SurveyMonkey recently launched a mobile app for the iPad and iPhone, providing the ability to create, send, and monitor surveys from a phone or tablet device. The app is free, although you need a SurveyMonkey account to use it. With the new app, there’s no longer a need to rely on a computer to design and manage surveys. The app also allows convenient viewing of data from any location with Internet access. Another notable benefit is that the analytic reports are optimized for mobile devices and are easy to read on small screens. Although there is not yet an Android app, all SurveyMonkey pages and surveys are optimized for any mobile device, so surveys are easy to take regardless of the operating system used.
The National Library of Medicine (NLM) Value Set Authority Center (VSAC), in collaboration with the Office of the National Coordinator for Health Information Technology (ONC) and Centers for Medicare & Medicaid Services (CMS), has published the annual update for the 2014 Eligible Hospital Clinical Quality Measure (CQM) Value Sets. The update includes revised value sets to address deleted and remapped codes in the latest terminology versions, as well as new codes for addressing CQM logic corrections and clarifications. The Centers for Medicare & Medicaid Services (CMS) updates these electronic reporting specifications annually to ensure that the specifications align with current clinical guidelines and terminologies, and that they remain relevant and actionable within the clinical care setting.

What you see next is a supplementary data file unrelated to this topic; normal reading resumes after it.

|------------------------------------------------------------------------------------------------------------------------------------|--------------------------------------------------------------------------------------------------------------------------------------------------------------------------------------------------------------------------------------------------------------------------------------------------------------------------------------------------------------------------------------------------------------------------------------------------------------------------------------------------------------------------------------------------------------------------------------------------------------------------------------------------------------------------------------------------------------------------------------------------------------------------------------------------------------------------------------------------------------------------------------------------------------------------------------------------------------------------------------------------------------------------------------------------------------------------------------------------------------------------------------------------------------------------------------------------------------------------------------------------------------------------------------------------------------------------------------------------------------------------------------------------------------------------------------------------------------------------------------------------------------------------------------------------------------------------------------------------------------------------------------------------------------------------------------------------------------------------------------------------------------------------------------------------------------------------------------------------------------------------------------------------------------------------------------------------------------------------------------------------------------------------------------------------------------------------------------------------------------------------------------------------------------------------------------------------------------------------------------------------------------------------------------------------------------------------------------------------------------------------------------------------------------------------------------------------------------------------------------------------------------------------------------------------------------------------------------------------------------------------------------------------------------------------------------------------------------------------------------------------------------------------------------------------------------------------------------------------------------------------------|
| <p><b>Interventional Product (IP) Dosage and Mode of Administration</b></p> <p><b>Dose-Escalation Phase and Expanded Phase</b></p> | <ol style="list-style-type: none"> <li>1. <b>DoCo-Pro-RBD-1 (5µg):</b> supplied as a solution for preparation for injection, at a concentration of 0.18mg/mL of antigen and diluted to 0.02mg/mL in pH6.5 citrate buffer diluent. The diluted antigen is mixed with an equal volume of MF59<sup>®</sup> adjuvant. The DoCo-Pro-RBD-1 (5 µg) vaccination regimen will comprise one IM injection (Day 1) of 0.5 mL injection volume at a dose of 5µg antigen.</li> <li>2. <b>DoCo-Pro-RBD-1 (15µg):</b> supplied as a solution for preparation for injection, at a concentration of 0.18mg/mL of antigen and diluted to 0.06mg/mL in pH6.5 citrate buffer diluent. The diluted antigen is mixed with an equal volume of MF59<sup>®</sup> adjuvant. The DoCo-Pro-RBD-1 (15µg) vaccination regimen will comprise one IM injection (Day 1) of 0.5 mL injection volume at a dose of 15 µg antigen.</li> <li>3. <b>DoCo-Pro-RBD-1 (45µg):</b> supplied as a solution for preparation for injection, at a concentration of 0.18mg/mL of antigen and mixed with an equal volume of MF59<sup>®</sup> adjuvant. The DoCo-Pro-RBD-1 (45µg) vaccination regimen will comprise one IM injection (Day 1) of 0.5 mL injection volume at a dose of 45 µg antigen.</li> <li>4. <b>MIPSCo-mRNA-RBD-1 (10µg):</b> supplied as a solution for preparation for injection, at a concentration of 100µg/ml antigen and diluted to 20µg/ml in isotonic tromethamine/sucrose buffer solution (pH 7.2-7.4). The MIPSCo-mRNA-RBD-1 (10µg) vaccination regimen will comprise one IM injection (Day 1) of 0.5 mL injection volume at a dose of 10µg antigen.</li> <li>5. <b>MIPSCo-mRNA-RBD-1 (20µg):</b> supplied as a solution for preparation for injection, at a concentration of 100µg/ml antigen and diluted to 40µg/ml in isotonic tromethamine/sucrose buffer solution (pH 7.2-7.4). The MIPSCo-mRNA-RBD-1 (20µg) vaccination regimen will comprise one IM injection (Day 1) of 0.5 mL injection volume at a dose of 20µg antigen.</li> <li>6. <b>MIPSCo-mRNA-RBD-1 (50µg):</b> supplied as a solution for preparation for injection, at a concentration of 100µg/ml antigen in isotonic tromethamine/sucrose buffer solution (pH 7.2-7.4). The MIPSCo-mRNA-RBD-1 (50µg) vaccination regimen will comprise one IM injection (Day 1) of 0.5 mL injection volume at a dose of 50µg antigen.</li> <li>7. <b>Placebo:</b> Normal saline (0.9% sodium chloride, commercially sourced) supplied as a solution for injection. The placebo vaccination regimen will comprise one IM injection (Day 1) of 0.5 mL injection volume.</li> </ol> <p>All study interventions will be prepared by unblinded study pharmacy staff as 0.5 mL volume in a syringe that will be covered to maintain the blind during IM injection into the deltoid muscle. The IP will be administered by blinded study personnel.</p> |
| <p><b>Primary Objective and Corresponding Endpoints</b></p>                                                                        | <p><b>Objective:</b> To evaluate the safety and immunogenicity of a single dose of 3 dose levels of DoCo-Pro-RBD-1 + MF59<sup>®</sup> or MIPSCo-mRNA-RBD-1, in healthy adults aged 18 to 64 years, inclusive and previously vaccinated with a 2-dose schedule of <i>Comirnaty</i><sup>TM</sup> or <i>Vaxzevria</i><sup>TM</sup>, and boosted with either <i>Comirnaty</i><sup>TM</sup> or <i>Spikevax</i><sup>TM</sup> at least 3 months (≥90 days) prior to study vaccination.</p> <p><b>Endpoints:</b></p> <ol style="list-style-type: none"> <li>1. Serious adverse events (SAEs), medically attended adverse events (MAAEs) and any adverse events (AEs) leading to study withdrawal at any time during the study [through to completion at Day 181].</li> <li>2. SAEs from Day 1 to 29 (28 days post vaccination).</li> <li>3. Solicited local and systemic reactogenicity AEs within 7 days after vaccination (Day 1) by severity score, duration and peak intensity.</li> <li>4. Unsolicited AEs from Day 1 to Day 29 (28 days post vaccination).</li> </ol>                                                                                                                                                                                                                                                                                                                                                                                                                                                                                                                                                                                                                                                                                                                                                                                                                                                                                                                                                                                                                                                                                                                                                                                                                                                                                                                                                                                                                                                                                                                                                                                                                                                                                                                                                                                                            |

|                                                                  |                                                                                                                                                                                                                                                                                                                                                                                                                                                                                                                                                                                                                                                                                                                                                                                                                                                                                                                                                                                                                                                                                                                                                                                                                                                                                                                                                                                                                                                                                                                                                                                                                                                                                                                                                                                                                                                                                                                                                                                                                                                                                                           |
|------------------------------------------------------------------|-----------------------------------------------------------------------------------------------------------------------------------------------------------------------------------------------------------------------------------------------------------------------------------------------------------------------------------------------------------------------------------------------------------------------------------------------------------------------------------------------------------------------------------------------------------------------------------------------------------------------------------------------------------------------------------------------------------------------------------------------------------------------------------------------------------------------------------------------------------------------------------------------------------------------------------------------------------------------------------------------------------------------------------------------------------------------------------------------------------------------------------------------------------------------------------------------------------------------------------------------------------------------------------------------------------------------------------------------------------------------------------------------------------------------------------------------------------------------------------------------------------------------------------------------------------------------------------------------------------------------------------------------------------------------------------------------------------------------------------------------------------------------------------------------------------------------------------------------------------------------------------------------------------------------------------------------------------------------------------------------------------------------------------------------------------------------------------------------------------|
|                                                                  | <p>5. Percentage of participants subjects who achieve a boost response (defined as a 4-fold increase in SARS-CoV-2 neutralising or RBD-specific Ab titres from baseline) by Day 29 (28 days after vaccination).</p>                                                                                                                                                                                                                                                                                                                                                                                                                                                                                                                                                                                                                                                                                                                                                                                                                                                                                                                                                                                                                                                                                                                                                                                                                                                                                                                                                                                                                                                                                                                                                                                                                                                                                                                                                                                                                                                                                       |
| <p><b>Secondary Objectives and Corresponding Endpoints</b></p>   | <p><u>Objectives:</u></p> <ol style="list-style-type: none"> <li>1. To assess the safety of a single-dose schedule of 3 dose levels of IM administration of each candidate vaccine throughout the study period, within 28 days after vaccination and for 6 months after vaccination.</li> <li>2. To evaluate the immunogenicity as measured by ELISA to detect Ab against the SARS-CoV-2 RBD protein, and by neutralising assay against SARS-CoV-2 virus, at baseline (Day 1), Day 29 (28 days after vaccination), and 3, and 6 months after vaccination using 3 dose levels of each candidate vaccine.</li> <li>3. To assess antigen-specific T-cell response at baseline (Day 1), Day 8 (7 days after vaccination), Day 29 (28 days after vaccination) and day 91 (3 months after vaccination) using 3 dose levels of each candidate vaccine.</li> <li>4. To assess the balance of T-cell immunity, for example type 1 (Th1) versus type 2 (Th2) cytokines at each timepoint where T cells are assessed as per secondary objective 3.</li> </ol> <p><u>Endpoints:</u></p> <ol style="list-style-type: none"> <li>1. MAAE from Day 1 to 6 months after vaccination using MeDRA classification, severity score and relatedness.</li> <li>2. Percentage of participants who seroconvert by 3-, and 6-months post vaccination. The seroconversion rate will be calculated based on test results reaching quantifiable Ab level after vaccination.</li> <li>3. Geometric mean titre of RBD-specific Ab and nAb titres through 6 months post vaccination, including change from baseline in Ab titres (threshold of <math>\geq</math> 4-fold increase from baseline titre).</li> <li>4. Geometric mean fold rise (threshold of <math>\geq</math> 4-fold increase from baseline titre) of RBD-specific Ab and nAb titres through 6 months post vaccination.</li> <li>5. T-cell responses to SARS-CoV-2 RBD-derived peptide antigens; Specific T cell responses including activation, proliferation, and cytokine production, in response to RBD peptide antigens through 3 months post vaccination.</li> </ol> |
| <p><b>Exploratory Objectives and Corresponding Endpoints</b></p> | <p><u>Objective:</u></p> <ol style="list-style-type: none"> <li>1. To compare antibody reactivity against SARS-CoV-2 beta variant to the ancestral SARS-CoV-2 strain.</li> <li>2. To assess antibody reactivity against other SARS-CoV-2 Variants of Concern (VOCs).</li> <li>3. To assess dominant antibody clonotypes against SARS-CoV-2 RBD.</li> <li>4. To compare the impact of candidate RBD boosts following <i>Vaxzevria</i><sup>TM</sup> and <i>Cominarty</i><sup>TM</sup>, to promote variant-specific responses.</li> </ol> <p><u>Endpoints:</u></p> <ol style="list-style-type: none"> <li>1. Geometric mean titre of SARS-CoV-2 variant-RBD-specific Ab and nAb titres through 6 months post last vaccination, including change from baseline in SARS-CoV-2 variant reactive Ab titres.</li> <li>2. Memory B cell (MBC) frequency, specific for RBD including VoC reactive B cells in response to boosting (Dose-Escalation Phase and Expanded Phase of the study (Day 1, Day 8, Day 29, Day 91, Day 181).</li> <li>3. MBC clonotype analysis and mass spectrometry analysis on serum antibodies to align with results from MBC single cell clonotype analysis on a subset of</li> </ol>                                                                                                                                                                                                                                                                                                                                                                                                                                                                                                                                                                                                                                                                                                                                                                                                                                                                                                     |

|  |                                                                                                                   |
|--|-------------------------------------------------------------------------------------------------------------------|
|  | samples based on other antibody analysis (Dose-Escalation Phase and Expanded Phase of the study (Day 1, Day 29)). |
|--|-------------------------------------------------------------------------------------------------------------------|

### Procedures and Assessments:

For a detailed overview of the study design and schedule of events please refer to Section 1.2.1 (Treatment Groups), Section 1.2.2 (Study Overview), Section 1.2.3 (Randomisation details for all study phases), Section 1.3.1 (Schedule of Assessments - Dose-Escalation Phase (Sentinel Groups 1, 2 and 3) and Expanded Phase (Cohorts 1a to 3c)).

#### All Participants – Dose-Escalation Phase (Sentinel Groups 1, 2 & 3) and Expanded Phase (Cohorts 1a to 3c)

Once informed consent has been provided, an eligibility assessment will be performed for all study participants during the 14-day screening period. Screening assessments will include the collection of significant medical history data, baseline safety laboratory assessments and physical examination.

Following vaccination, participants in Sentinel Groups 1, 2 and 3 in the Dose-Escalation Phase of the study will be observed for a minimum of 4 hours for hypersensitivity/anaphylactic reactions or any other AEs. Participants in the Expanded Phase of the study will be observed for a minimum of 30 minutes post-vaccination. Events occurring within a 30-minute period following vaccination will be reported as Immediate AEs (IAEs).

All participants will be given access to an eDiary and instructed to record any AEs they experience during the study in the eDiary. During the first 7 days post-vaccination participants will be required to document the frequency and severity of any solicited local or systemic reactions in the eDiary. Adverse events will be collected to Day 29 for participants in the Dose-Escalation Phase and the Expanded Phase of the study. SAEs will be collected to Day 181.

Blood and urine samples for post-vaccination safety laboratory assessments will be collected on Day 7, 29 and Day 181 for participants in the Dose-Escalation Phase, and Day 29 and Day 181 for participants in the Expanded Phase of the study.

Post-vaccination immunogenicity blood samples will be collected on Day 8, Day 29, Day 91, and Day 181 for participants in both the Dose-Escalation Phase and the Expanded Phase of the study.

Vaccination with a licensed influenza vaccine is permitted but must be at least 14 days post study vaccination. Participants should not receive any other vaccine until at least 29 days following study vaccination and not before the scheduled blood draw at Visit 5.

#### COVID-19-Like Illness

The VSAC offers a Downloadable Resource Table, accessible from the Download tab on the VSAC Web page, that provides prepackaged downloads for the most recently updated and released 2014 CQM Value Sets, as well as for previously released versions. Access to the Value Set Authority Center requires a free Unified Medical Language System® Metathesaurus License. NLM also provides the Data Element Catalog that identifies data element names (value set names) required for capture in electronic health record technology certified under the 2014 Edition of the ONC Standards and Certification Criteria. The NLM update of the VSAC coincides with the CMS posting of the official updated 2014 Eligible Hospital Clinical Quality Measures (eCQMs).
The following additional resources are available to help health care providers and vendors navigate the 2014 CQMs: